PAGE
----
• Optional 7.9-inch, 2048 x 1536 capacitive touchscreen (via eDP) with Retina display
    • MIPI-DSI connector (Landingship)
    • MIPI-CSI, 20-pin, 1.27mm camera interface (Landingship)
    • Audio headphone jack (Landingship)
    • Audio S/PDIF port (Landingship)
    • 2x mic inputs (Landingship)
    • Video support — [email protected] decoding, 10-bit HEVC and AVS+ codec support; H.264 up to 4K 30Hz; HD MPEG1/2/4, H.265, 4K-HD, HD AVC/VC-1, RM/RMVB, Xvid/DivX3/4/5/6, RealVideo8/9/10
    • Audio support — MP3, WMA, AAC, WAV, OGG, AC3, DDP, TrueHD, DTS, DTS, HD, FLAC, APE
  • Wireless:
    • 802.11a/b/g/n/ac 2×2 MIMO @ 867Mbps (Broadcom AP6354 module)
    • Bluetooth 4.1 (AP6354)
    • 2x antennas
    • IR with remote (IR receiver also on Landingship)
    • Optional 5dB WiFi booster antenna ($9.69)
  • Networking — gigabit Ethernet port
  • Other I/O:
    • 2x USB 2.0 host ports
    • Micro-USB OTG port
    • Third USB host port (Landingship)
    • UART (3x pins) for debug
    • Fan and RTC headers
    • 60-pin GPIO (Landingship)
  • Expansion:
    • 314-finger MXM3 card edge connector on GeekBox board
    • MXM3 socket on Landingship board
  • Other features – Reboot, update, power keys; LEDs on SBC and Landingship; RTC battery (Landingship); “2 x 2” user buttons and buzzer (Landingship); optional cooling fan
  • Power — 5V @ 2A DC with AC or DC adapter, charging cable; 5V DC in with over-voltage protection (Landingship)
  • Operating temperature — maximum of 56.3℃ without heat sink
  • Dimensions:
    • GeekBox:
      • Board — 82 x 56mm
      • Enclosure — 90 x 69 x 21mm
    • Landingship — 116 x 86 x 13mm
  • Operating system — Android 5.1 and Ubuntu Linux dual-boot with pre-installed Kodi; can also run Rockchip’s Android-based Light Biz OS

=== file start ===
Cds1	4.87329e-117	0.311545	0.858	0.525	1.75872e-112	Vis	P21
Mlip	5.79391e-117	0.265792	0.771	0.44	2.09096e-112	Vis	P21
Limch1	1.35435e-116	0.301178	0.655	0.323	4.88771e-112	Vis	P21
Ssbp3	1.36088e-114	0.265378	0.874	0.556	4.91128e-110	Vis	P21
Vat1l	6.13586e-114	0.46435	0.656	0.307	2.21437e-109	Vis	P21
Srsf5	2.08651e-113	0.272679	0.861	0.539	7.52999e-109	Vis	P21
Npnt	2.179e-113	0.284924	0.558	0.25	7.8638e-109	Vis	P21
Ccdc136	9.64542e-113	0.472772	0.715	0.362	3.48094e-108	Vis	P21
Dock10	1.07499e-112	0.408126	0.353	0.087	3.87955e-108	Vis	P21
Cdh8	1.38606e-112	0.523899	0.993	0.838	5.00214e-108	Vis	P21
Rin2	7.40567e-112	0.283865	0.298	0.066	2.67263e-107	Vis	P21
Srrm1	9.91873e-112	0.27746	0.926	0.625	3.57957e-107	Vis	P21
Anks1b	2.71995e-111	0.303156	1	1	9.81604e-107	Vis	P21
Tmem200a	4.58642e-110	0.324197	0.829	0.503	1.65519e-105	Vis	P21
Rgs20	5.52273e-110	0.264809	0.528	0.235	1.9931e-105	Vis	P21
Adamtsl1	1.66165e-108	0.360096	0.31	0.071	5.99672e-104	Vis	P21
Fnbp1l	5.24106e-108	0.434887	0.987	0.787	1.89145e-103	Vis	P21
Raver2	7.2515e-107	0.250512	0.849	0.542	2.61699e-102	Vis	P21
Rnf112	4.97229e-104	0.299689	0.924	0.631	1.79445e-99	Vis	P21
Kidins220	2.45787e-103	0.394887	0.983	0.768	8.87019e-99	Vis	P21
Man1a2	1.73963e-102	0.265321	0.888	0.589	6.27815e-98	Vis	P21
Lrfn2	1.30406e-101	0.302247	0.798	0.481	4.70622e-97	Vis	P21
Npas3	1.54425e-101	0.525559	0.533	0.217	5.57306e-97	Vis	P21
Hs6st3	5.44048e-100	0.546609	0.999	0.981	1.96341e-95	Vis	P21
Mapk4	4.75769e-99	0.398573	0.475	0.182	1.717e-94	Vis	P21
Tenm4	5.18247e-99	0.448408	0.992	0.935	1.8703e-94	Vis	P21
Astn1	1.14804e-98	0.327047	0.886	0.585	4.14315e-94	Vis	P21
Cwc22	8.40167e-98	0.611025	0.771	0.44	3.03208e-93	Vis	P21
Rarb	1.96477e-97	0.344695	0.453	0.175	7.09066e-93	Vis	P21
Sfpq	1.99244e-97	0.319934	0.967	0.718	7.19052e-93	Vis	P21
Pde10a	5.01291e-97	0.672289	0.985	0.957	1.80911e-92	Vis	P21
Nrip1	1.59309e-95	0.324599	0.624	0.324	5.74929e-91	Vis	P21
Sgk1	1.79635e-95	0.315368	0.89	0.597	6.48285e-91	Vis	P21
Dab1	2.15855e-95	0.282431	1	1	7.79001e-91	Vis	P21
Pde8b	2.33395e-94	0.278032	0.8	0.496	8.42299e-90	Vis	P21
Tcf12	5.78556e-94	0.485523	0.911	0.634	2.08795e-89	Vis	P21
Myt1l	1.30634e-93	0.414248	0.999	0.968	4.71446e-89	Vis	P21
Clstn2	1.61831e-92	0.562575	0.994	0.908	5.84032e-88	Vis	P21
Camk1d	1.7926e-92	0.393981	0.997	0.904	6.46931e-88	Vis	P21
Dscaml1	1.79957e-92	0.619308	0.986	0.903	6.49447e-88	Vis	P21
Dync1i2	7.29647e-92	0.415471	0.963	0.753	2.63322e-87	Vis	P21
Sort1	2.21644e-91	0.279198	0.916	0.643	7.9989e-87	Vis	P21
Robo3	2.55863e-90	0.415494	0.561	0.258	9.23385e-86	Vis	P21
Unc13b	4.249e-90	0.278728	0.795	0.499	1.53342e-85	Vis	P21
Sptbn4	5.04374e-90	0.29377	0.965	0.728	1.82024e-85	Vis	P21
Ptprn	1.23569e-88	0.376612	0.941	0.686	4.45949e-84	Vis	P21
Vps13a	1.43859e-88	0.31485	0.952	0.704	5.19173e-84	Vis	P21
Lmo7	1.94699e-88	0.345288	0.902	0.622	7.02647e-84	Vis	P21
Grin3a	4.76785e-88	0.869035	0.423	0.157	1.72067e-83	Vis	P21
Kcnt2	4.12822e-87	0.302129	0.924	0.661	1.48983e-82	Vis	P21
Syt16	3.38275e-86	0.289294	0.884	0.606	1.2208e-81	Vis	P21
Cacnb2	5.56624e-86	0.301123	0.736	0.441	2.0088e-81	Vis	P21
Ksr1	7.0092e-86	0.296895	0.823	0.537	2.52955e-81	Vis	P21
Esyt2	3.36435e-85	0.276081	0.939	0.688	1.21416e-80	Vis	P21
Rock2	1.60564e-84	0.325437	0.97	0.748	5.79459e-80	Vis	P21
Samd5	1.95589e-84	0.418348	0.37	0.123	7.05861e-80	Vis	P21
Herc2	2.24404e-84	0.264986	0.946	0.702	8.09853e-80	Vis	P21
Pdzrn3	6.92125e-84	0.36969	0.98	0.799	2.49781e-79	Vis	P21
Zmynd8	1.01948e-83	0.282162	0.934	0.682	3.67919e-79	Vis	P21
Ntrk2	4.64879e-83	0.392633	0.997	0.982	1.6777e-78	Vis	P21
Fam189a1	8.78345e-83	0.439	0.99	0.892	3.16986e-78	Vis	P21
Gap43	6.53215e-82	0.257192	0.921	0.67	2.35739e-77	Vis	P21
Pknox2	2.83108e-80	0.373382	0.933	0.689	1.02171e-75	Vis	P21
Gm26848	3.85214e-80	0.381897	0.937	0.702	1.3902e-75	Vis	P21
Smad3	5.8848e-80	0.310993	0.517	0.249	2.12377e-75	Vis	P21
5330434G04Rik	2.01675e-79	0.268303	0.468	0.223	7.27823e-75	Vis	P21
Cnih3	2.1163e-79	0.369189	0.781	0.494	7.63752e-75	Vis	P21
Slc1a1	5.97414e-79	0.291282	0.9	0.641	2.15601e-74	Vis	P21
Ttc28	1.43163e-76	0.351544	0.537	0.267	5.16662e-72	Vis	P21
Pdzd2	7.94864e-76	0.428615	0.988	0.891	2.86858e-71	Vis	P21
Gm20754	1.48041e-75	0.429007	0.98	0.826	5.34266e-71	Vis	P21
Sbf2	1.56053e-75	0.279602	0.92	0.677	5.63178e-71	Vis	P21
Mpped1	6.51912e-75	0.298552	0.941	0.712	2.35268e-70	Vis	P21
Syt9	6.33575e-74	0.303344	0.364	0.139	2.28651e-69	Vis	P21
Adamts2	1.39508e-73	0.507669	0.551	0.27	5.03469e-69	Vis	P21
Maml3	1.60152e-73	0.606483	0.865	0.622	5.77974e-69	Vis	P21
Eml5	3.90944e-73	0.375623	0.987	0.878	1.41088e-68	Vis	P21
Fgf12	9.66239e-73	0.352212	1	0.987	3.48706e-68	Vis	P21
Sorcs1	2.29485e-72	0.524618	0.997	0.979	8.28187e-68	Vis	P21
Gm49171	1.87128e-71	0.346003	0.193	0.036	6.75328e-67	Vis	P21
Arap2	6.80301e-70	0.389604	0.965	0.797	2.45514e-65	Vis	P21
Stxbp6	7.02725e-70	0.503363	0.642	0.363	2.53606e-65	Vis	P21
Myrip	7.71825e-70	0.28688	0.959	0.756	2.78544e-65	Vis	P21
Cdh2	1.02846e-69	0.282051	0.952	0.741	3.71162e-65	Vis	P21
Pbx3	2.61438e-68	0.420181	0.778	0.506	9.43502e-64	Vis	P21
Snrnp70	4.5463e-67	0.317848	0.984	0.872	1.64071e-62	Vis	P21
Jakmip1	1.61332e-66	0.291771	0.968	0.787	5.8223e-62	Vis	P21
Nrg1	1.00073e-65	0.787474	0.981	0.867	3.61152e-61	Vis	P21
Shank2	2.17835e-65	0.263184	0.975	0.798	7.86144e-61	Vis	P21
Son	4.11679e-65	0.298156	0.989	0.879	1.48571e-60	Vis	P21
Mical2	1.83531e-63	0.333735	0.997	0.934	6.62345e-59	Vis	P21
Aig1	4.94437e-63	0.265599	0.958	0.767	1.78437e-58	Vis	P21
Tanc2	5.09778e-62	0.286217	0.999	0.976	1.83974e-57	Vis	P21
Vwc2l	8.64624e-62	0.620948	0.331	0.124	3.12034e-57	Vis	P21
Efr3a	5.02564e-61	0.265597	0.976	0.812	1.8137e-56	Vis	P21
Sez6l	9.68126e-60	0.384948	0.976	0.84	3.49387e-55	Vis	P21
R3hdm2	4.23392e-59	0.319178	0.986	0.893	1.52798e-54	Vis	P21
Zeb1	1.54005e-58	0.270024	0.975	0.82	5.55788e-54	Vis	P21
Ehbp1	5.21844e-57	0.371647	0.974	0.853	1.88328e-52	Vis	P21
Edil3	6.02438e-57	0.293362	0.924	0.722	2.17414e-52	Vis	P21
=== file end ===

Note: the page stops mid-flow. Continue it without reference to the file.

Further information

The GeekBox is available for $110, discounted from a $214.80 retail price, or $140 when you include the optional $30 GeekBox Landingship carrier board. The optional 7.9-inch display costs $68. More information may be found at Geekbuying’s dedicated GeekBox site as well as the GeekBox product page and GeekBox promotional page.

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3 responses to “Mini-PC doubles as open-spec, octa-core hacker SBC”

  1. sola says:

    There are a lot of nice things in this but I don’t think it will be very popular at $210. The introductory price looks OK though.

    The PowerVR GPU seems like a weakness, traditionally it has nonexistent Linux (non-Android) driver support. It would be nice to know about the status of 2D/3D acceleration and the level of Xorg support under Linux. Also, does the pre-installed Kodi support hw-accelerated, stutterless playback for ALL of the listed formats?

    For $210, I would expect a more powerful ARM processor too. The A53 is the weakest 64bit Cortex core. A quad-A72 + quad-A53 would actually be appealing even at that price.

    • Robert says:

      Yeah, using a PowerVR kernel blob makes it essentially undebuggable.

    • CFWhitman says:

      Yes, right now I pay a lot of attention to community support and availability of open source drivers. These things can be more important than hardware specs. The Raspberry Pi devices and i.MX6 based hardware is what I have gotten that’s lasted for more than a few months with decent support. I’d love to see some ARM or MIPS hardware with a well supported open source graphics driver, but the better reverse engineered drivers are the closest we seem to be able to come at the moment.